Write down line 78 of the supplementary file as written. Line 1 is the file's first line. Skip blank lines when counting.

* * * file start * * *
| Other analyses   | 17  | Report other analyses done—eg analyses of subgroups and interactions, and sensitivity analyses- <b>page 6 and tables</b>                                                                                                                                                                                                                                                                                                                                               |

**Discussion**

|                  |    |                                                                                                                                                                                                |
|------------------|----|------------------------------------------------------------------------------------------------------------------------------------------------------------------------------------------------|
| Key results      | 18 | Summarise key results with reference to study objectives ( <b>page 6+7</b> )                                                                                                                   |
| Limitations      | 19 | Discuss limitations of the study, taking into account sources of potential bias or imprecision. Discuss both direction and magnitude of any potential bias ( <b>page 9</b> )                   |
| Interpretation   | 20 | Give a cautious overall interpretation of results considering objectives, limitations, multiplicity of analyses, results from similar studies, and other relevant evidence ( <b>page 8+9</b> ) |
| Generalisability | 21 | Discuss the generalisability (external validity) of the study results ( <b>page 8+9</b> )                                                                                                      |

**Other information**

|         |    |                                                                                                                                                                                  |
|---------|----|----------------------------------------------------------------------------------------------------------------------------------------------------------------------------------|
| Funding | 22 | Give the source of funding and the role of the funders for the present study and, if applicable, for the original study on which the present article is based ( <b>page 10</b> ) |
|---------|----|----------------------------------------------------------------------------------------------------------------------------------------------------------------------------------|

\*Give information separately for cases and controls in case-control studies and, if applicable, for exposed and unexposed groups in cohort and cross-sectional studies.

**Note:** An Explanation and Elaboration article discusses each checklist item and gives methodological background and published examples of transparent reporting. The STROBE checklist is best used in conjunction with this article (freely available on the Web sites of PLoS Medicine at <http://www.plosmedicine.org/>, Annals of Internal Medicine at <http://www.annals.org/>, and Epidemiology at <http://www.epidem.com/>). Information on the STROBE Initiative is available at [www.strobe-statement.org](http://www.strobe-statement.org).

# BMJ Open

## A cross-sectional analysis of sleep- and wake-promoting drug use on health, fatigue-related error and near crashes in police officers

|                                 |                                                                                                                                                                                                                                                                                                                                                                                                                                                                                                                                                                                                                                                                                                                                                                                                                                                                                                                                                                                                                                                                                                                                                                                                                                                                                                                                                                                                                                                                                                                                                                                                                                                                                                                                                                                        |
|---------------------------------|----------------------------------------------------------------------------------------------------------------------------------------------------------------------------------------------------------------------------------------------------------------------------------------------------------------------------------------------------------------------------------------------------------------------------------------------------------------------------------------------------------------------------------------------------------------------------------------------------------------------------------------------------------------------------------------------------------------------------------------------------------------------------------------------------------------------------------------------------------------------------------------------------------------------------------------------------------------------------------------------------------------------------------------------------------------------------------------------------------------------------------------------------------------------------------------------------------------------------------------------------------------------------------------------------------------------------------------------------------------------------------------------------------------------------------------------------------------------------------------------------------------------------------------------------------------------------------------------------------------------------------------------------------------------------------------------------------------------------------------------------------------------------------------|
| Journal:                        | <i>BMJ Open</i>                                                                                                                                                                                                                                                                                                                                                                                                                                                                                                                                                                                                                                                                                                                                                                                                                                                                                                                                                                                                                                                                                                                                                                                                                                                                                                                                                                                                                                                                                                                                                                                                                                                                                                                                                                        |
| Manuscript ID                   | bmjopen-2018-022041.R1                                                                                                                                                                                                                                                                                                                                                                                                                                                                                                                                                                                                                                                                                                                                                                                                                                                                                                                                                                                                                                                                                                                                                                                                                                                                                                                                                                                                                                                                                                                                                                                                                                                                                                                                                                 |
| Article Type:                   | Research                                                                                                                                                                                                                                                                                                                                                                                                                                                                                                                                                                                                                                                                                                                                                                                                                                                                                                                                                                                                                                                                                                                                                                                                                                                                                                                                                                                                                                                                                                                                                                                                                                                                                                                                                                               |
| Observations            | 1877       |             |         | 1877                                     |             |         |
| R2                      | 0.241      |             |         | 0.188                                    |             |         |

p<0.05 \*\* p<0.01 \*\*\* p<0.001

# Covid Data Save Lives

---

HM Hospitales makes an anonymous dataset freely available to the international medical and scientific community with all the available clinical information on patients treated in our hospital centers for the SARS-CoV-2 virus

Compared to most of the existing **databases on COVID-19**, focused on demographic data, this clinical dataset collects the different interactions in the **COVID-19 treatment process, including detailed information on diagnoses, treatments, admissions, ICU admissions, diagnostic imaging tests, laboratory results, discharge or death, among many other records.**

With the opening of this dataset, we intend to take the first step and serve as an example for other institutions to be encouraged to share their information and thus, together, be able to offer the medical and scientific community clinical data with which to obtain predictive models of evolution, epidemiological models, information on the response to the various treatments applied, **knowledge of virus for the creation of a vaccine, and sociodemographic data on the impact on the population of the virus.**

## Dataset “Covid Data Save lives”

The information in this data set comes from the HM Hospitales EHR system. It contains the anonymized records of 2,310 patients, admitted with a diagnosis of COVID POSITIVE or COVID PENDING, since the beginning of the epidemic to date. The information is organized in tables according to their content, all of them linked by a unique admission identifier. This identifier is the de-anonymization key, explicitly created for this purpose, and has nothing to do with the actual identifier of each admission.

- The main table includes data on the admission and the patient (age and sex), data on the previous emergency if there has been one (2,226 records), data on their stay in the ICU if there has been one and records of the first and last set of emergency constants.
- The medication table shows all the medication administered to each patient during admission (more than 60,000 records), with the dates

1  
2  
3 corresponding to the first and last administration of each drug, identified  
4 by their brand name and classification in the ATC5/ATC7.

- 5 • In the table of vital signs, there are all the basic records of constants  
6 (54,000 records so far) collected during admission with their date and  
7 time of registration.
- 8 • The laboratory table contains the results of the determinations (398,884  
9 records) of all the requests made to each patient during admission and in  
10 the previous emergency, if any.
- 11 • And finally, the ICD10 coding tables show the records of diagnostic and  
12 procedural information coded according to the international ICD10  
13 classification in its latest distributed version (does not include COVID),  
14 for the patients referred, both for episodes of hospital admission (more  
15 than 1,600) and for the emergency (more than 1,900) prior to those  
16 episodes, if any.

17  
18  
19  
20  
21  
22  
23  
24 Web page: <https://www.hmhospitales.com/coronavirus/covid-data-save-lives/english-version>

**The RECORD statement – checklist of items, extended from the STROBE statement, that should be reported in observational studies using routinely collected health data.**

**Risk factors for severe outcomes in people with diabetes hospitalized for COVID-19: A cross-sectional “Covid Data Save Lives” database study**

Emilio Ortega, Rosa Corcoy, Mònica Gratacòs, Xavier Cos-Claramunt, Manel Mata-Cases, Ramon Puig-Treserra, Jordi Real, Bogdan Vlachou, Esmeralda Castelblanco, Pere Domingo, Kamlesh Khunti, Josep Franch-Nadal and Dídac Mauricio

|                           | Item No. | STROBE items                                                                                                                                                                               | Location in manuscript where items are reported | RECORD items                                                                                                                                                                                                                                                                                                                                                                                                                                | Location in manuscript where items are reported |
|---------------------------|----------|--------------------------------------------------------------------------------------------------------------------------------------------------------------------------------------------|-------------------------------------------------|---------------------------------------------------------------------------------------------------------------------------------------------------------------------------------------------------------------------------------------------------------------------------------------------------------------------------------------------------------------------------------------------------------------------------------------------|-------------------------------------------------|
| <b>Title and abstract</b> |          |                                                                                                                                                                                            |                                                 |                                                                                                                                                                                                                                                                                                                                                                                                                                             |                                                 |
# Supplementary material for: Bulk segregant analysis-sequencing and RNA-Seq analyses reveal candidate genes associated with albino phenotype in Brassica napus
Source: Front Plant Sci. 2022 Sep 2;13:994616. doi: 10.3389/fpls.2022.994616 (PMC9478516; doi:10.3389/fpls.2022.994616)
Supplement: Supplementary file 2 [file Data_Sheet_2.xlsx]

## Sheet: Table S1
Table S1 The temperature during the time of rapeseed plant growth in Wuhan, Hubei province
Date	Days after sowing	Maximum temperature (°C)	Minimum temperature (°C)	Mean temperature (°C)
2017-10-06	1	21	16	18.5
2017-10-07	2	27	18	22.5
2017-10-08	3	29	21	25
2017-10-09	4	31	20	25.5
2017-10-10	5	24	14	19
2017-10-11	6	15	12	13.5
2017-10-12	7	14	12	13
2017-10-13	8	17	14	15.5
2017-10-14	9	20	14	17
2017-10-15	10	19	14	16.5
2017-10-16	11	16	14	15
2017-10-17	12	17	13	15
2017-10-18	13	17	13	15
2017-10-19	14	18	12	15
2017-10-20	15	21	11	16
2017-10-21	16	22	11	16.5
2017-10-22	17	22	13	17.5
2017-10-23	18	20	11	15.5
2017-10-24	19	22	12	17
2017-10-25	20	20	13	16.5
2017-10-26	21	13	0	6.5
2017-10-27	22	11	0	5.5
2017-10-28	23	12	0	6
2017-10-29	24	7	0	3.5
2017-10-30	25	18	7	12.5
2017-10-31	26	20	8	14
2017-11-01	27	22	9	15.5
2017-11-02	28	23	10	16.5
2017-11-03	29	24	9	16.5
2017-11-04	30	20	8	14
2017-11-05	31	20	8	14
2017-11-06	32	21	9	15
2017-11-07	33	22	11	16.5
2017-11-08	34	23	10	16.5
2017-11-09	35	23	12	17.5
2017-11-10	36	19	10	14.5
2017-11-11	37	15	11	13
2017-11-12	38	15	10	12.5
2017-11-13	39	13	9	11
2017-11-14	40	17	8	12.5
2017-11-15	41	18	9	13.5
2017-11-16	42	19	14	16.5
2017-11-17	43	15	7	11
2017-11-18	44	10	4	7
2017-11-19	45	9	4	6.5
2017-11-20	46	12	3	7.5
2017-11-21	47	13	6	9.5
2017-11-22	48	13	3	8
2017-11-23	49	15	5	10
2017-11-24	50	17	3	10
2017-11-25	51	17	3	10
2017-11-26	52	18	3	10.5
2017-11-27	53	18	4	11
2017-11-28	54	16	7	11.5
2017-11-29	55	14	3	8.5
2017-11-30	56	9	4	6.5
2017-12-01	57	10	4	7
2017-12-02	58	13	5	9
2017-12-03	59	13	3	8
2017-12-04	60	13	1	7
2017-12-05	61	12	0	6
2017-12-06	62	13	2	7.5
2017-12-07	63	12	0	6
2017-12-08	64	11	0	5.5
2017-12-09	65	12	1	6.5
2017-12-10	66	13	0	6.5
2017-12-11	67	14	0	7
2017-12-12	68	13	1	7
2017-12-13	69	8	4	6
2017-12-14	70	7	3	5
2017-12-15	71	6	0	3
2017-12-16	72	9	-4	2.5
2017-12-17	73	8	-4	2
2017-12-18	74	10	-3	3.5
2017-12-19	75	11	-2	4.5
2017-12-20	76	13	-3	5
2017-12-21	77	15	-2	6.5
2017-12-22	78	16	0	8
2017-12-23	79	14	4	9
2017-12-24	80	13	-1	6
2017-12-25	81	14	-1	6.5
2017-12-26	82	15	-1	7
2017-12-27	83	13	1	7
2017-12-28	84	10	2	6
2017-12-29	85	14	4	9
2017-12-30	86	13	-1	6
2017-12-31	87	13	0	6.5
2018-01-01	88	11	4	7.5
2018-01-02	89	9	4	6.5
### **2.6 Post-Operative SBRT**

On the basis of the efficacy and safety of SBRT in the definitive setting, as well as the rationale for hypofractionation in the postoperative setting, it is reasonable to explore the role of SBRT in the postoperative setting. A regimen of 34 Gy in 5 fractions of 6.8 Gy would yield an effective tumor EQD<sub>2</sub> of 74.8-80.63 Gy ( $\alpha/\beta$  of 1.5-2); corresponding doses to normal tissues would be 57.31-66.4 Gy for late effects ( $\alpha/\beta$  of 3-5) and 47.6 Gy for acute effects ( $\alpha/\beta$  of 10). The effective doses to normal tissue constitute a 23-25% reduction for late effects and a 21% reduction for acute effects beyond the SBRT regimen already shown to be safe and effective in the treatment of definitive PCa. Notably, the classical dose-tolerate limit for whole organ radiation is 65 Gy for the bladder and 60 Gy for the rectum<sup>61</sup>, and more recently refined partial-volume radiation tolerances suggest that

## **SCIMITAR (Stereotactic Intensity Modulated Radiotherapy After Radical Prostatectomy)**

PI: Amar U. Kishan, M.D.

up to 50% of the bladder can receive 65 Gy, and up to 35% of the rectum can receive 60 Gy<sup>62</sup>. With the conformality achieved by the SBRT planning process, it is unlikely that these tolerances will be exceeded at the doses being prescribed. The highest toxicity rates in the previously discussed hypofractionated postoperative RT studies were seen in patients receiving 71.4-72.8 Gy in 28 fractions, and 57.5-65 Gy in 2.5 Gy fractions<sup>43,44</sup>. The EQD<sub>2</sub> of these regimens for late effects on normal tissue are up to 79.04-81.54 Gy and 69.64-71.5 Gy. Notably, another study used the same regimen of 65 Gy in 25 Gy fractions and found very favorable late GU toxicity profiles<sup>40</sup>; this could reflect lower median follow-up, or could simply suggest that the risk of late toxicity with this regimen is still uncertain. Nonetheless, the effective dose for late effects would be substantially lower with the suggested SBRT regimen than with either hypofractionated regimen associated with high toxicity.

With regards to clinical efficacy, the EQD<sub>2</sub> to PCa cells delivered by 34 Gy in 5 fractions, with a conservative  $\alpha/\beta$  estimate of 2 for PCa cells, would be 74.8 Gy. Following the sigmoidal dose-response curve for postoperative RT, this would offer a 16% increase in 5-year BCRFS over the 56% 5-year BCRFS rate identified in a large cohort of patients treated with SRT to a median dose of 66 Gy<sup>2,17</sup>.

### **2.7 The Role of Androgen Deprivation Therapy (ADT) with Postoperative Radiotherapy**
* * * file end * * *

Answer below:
2017-10-13	8	17	14	15.5